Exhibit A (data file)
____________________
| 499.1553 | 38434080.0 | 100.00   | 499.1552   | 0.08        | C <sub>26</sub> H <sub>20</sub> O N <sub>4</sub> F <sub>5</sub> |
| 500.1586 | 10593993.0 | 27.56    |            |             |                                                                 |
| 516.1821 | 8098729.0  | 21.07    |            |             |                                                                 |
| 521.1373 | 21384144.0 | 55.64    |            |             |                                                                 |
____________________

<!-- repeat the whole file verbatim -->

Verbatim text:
| 499.1553 | 38434080.0 | 100.00   | 499.1552   | 0.08        | C <sub>26</sub> H <sub>20</sub> O N <sub>4</sub> F <sub>5</sub> |
| 500.1586 | 10593993.0 | 27.56    |            |             |                                                                 |
| 516.1821 | 8098729.0  | 21.07    |            |             |                                                                 |
| 521.1373 | 21384144.0 | 55.64    |            |             |                                                                 |